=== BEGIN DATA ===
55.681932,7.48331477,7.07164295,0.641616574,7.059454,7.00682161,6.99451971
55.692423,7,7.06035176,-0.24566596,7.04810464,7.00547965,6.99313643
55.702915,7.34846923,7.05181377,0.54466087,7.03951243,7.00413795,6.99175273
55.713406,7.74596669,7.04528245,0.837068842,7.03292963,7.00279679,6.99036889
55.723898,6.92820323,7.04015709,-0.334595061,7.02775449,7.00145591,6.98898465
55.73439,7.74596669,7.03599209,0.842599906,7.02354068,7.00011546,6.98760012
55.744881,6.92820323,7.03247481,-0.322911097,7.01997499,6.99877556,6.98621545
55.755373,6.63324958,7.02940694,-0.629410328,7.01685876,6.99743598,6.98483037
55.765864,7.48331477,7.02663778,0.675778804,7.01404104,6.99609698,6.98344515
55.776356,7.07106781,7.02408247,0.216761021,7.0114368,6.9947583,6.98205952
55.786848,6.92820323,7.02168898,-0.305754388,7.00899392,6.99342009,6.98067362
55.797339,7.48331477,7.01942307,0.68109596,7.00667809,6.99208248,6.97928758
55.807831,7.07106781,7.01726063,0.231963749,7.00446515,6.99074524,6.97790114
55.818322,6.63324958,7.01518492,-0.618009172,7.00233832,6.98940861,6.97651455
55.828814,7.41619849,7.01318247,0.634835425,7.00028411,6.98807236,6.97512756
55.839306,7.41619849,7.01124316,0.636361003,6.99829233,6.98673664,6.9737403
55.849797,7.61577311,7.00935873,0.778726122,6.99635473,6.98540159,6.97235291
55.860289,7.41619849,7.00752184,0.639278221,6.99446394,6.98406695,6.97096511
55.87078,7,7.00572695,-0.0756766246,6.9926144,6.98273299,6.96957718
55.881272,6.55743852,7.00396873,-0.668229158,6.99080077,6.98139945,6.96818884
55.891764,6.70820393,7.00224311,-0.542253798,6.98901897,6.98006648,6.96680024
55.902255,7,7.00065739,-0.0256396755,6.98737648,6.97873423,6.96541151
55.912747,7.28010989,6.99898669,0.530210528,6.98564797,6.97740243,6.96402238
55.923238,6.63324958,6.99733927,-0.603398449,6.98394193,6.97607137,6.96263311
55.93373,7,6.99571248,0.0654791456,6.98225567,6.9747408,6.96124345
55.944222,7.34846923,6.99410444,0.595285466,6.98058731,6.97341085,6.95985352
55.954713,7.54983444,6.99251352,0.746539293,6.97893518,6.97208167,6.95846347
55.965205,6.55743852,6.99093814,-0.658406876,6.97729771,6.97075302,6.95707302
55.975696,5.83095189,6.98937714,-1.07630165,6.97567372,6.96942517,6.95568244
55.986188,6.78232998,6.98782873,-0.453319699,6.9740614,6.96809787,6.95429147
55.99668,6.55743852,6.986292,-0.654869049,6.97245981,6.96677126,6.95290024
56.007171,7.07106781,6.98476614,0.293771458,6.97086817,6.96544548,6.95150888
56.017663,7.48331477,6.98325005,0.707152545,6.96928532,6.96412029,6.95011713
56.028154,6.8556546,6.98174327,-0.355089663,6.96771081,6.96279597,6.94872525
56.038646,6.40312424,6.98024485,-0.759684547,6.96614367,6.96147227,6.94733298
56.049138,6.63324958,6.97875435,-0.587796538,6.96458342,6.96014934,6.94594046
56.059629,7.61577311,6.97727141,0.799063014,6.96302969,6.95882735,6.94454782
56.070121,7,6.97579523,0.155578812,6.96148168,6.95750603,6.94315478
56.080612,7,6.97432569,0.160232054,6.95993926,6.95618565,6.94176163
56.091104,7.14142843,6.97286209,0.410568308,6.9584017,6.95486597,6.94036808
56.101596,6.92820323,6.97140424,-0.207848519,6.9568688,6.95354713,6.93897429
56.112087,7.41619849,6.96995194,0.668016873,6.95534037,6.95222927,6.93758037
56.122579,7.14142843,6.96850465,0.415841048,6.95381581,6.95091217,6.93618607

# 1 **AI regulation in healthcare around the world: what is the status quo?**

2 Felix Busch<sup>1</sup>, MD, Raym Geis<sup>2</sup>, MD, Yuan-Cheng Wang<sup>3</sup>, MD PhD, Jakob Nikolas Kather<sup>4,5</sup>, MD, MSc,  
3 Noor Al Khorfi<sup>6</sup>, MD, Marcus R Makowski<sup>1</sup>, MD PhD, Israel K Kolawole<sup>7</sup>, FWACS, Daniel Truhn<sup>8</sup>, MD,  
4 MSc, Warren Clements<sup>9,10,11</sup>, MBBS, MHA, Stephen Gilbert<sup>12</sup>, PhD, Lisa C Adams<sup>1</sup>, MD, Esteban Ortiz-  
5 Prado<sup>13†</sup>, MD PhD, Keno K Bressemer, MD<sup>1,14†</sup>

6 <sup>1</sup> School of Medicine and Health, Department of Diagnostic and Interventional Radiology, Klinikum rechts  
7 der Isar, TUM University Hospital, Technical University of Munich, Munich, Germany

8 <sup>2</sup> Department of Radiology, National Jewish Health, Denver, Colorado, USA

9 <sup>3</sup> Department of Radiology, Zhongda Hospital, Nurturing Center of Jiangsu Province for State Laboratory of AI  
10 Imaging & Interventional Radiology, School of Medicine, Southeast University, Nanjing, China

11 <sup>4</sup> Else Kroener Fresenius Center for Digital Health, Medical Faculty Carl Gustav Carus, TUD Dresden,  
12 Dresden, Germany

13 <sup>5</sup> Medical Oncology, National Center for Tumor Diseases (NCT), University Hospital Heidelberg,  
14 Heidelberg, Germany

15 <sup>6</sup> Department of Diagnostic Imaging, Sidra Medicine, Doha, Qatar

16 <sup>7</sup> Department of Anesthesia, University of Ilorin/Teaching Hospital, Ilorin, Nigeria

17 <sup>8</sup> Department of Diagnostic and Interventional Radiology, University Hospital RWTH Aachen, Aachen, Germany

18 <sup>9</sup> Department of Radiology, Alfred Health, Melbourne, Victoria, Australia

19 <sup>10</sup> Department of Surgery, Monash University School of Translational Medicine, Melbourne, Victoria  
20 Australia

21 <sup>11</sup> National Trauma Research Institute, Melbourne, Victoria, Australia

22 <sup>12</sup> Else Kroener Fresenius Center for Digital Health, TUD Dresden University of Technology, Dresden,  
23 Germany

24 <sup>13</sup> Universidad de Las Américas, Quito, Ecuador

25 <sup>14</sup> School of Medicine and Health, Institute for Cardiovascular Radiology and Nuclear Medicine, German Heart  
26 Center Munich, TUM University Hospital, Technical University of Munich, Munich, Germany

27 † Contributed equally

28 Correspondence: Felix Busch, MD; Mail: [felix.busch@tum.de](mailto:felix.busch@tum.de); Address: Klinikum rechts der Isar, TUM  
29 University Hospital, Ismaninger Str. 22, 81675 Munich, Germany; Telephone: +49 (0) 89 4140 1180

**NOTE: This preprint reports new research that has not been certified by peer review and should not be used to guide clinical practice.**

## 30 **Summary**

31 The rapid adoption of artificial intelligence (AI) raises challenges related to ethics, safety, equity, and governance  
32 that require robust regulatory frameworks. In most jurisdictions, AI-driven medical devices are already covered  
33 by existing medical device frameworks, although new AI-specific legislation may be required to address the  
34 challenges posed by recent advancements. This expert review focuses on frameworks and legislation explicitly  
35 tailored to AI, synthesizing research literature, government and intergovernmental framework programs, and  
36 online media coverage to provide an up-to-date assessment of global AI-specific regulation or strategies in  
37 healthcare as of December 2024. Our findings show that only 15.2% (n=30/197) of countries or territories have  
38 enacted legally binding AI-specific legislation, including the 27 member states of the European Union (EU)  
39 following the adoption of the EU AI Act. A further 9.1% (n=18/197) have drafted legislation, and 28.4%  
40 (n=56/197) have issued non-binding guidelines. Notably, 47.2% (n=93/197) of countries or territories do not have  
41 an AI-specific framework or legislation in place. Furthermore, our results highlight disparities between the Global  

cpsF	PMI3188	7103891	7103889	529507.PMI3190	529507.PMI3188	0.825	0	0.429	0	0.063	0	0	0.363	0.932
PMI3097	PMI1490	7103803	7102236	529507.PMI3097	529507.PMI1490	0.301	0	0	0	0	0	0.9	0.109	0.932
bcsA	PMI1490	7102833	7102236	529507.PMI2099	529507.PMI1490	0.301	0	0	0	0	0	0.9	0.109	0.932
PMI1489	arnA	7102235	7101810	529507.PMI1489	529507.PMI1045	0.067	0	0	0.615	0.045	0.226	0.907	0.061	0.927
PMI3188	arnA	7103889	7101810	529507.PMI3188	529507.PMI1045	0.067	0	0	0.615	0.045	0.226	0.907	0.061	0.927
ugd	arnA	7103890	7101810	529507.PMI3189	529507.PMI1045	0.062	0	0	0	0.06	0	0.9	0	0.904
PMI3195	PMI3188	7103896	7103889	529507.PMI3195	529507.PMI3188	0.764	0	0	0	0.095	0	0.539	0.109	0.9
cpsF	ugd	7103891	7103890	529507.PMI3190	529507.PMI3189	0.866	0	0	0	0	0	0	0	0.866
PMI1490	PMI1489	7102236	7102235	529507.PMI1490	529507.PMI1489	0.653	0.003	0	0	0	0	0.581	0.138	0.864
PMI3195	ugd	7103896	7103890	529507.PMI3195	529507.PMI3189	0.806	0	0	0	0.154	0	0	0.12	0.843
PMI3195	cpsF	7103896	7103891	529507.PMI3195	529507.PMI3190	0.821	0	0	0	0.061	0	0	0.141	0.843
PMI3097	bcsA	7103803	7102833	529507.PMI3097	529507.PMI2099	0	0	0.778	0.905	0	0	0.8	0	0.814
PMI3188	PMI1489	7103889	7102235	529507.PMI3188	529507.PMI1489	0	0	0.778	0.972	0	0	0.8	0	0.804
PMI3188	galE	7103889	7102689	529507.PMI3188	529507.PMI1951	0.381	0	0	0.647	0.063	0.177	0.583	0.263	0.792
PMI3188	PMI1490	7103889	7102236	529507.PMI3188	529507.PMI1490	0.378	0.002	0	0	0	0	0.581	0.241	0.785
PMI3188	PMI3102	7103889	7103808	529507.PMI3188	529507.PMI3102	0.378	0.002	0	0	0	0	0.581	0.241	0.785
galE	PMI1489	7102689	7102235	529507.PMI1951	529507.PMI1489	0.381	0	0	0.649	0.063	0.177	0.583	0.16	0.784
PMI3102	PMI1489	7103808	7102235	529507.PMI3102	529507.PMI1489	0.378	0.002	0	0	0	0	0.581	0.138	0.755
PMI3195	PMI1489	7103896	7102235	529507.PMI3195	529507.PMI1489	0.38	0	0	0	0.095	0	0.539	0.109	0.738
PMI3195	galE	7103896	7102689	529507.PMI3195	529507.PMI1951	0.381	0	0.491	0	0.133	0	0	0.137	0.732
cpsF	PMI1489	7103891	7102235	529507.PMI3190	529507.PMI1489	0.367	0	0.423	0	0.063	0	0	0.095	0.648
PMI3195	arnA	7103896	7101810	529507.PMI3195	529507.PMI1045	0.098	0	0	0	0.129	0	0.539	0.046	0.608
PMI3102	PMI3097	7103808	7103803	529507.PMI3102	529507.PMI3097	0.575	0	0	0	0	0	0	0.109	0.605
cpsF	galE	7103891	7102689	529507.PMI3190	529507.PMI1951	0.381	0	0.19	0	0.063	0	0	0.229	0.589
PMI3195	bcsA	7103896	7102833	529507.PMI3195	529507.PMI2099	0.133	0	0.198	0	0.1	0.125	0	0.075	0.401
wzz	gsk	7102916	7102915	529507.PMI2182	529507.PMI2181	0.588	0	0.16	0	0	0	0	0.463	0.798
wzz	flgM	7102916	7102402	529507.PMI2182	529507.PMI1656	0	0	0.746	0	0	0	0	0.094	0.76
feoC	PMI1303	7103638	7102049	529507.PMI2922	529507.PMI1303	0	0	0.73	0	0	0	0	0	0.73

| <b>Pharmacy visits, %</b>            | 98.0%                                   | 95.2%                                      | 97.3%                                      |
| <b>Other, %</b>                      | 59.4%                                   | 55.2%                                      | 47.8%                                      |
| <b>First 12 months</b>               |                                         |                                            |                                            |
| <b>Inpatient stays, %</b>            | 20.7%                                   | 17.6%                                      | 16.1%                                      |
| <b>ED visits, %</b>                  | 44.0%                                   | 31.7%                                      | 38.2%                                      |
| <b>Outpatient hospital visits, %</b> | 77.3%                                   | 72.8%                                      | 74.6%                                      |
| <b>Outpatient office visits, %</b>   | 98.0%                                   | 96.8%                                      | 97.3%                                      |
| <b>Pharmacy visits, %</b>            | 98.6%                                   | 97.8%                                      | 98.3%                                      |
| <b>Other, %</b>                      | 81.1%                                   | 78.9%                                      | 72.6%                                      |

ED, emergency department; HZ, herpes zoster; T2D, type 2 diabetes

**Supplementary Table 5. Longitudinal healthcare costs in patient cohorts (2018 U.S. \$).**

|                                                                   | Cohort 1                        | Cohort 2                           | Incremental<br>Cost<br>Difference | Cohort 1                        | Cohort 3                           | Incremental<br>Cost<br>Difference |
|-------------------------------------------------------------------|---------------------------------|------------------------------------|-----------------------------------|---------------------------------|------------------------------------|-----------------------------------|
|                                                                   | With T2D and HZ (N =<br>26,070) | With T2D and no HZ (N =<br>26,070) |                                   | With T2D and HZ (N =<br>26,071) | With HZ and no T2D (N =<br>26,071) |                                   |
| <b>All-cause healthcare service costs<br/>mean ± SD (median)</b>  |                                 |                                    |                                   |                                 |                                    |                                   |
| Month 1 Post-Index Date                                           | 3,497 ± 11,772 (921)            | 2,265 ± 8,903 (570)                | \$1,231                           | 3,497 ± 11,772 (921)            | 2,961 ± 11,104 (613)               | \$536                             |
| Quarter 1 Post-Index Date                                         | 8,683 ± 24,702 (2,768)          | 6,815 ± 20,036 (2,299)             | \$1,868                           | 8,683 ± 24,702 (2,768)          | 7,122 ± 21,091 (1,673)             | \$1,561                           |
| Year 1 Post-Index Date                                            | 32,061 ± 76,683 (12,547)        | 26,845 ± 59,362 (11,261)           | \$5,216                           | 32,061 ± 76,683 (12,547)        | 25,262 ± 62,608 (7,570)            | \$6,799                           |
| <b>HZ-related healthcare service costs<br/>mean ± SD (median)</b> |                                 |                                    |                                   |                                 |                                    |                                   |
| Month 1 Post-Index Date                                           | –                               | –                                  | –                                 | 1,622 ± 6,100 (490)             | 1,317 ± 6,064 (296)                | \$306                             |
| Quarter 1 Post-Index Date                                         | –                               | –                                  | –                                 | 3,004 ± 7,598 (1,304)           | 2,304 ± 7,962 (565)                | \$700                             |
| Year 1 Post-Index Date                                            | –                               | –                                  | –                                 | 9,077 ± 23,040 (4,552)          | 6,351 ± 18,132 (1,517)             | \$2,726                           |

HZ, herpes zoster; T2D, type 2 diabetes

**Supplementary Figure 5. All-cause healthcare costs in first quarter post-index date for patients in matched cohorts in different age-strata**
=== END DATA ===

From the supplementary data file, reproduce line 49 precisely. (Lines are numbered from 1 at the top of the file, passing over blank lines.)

6 <sup>1</sup> School of Medicine and Health, Department of Diagnostic and Interventional Radiology, Klinikum rechts  